Romney doesn't know of a better way to evaluate students than high stakes tests.
You'd expect the man who could very well be the next leader of the free world, Governor Mitt Romney, to have a solid answer to a question about the trend of high-stakes testing. It costs school districts billions of dollars, and results in teaching to the test and the killing of creativity. Unfortunately, at the recent Education Nation summit when I asked Romney about how he’d change the way testing is used in our schools, he didn't come close to meeting that expectation.
As you can see in the video above, Romney told me that in my life I would find that there are many tests. I would have loved to fire back with, “Mr. Romney, how many high stakes tests have you taken since you graduated from Harvard Business School?” Most likely none.
He also admitted he didn't know a better way to evaluate students other than the current testing model. One could believe this is yet another gaffe by the former governor, but it doesn't seem like it. We can now confirm that Romney supports the high-stakes testing regime.
To set the record straight, I don't support tests, but rather assessments. Yes, there's a big difference. As education thinker Ruth Michell defines it, "A test is a single occasion, unidimensional, timed exercise, usually in multiple choice or short answer form. Assessment is an activity that can take many forms, can extend over time, and aims to capture the quality of a student's work or of an educational program." Whether you call them authentic, performance, or portfolio-based assessments, many are rooted in 21st century skills and real-world tasks. The College and Work Readiness Assessment and iSkills exam are renowned examples.
Next, Romney went on to gloat at the fact that he passed his high school graduation exam and said that as governor he added more subjects for students to be tested in: calculus, biology, and geology.
For most students, learning these subjects is an utter waste of time. Take calculus. Unless you're in a field deep in mathematics, the likelihood that you will need this subject outside of school is slim to none. What kids need to learn should be obvious—solving problems, becoming globally aware, life-long learners, communicating well, taking risks, and overcoming failure. Romney failed to mention any of this.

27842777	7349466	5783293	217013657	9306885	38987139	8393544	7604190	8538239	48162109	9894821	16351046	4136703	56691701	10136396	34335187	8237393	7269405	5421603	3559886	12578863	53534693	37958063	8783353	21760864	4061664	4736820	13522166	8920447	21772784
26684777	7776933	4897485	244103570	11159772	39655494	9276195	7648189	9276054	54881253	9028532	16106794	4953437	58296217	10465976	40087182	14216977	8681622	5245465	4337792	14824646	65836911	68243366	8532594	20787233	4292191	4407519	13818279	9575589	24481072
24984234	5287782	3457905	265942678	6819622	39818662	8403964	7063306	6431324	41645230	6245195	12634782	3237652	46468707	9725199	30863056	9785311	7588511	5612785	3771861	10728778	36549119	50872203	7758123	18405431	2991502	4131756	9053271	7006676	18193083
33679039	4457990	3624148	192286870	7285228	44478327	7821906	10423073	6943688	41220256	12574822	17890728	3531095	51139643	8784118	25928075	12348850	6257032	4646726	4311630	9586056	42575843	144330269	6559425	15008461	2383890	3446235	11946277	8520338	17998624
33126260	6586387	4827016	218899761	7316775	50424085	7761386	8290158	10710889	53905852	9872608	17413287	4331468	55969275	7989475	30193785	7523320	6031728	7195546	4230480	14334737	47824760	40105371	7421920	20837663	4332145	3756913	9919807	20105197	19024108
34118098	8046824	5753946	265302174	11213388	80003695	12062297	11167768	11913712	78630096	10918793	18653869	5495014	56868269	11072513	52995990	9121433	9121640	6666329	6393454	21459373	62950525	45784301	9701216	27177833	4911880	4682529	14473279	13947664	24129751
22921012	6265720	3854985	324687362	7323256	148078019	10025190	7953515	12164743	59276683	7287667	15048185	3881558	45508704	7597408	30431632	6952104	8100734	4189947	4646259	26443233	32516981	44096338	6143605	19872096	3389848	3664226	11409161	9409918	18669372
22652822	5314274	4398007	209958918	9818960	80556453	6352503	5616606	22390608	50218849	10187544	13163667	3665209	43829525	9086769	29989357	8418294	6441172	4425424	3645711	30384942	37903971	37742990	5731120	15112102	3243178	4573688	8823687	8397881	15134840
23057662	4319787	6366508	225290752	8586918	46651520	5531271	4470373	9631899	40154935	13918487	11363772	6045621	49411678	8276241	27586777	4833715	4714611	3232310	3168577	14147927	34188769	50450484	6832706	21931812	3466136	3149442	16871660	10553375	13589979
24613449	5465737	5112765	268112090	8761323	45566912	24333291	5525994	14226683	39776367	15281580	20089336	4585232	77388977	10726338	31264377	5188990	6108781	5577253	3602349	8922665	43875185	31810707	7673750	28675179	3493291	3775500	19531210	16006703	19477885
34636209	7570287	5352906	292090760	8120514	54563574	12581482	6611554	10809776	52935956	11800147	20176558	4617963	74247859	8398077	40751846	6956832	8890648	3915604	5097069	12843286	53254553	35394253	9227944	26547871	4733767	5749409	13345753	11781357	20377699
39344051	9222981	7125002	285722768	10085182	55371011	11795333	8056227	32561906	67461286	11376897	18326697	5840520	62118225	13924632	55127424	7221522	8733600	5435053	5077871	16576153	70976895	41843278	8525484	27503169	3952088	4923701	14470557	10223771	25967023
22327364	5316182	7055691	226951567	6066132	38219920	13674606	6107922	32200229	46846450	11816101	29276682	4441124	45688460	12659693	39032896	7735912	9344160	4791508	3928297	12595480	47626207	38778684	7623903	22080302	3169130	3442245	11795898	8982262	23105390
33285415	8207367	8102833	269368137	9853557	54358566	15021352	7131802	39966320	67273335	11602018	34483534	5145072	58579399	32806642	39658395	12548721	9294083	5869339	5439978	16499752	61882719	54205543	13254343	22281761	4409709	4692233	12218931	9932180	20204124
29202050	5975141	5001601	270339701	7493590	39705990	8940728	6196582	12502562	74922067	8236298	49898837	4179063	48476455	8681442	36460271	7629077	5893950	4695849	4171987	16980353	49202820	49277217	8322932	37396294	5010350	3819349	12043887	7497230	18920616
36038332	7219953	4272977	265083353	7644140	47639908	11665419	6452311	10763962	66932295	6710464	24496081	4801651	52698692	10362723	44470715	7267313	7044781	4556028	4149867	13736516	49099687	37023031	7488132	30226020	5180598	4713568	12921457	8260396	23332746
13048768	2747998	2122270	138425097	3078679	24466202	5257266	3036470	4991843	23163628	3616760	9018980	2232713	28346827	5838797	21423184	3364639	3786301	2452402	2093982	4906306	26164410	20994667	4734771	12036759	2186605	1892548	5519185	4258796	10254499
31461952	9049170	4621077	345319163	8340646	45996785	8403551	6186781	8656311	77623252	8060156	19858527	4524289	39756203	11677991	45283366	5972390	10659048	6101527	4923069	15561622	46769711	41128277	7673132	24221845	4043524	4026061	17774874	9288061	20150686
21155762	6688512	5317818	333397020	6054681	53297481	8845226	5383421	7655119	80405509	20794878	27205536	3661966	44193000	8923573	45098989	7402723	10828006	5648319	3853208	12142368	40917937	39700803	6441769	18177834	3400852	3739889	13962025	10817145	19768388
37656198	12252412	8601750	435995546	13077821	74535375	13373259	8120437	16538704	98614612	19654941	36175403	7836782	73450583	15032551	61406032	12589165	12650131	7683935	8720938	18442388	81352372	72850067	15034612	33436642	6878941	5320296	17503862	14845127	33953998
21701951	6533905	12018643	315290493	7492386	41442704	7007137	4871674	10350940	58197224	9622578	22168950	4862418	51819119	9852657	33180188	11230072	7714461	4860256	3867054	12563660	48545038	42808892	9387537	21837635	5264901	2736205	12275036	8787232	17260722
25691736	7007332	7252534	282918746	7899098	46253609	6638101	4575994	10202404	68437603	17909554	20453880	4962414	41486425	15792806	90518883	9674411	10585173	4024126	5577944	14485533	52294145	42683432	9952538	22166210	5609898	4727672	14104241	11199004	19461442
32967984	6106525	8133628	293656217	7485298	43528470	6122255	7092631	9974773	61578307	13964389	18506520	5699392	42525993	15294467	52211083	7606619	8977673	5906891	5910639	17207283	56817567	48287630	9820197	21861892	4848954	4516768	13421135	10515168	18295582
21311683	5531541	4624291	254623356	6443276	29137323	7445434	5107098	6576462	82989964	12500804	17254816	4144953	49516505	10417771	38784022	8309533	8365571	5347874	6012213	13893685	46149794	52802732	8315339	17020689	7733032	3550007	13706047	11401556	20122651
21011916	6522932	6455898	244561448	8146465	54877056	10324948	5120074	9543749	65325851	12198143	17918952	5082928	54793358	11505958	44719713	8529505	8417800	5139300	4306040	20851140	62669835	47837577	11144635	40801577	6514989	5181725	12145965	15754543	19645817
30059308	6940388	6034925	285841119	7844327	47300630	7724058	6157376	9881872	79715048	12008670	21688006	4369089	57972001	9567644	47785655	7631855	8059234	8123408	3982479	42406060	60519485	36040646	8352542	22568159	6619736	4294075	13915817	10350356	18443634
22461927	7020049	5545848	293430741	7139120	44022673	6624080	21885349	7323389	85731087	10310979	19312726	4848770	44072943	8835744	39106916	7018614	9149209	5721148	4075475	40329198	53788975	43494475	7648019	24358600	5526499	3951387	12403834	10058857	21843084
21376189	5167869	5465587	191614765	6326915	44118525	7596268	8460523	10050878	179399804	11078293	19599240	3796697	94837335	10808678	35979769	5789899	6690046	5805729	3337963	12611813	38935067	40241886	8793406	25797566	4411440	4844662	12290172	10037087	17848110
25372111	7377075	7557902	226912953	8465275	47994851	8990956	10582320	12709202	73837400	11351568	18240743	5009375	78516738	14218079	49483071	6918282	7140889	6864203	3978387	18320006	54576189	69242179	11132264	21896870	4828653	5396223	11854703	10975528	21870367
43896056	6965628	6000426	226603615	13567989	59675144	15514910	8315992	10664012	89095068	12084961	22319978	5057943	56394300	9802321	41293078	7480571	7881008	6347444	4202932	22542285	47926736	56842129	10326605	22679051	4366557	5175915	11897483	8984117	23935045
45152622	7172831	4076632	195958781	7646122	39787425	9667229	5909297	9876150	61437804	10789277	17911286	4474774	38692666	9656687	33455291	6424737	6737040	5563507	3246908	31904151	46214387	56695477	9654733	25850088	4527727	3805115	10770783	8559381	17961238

Finally, I had a bone to pick with Romney's last statement when he declared that he would "expand [testing] in ways that maybe haven't been thought of before." Folks, there you have it. Romney would prolong the killing of learning in schools and the suppression of children. It’s no wonder we have headline grabbing and hard-hitting stories of children hooked on prescription drugs in order to pay attention during tests and class. Say hello to a generation of addicts, pencil pushers, and cogs in machines.
All in all, Romney failed to answer my question and disregarded my points on the billions of dollars—which goes into the pockets of testing executives— spent on testing and the killing of creativity.
I was shocked that Romney didn't address the creativity crisis, considering that in a recent IBM poll, 1,500 CEOs identified creativity as the most important "leadership competency" of the future. Insurmountable evidence demonstrates that as testing increases, creativity declines.
To be fair, President Obama is no better than his opponent. Although it was clear from the recent presidential debate that Obama believes otherwise, his Race to the Top program is a top-down initiative forced upon states with little to no dialogue from the true stakeholders: students and teachers.
If you solely scrutinize the intended outcomes of their plans, Barack Obama and Mitt Romney appear to be, as Jay Matthews of the Washington Post puts it, “education policy twins." Thus, we're left with two presidential candidates who cater to the elite and corporate interests without a plan to reinvent schools. Lovely isn't it?
What do we do? Should we just continue watching candidates stomp on each other election after election and wait for a technocrat with a sensible plan to come along? I'd rather not.
At the Brooklyn Beta conference this week, Seth Godin nailed it when he asserted, "Revolutions destroy the imperfect and enable the impossible." It's time to stir up the troublemakers, the rebels, and the mad ones—those who are not "willing to accept the limits or the doubts," but the ones who are "always digging and poking and building to make something bigger than even they can imagine."
Maybe then the once impossible will become the norm.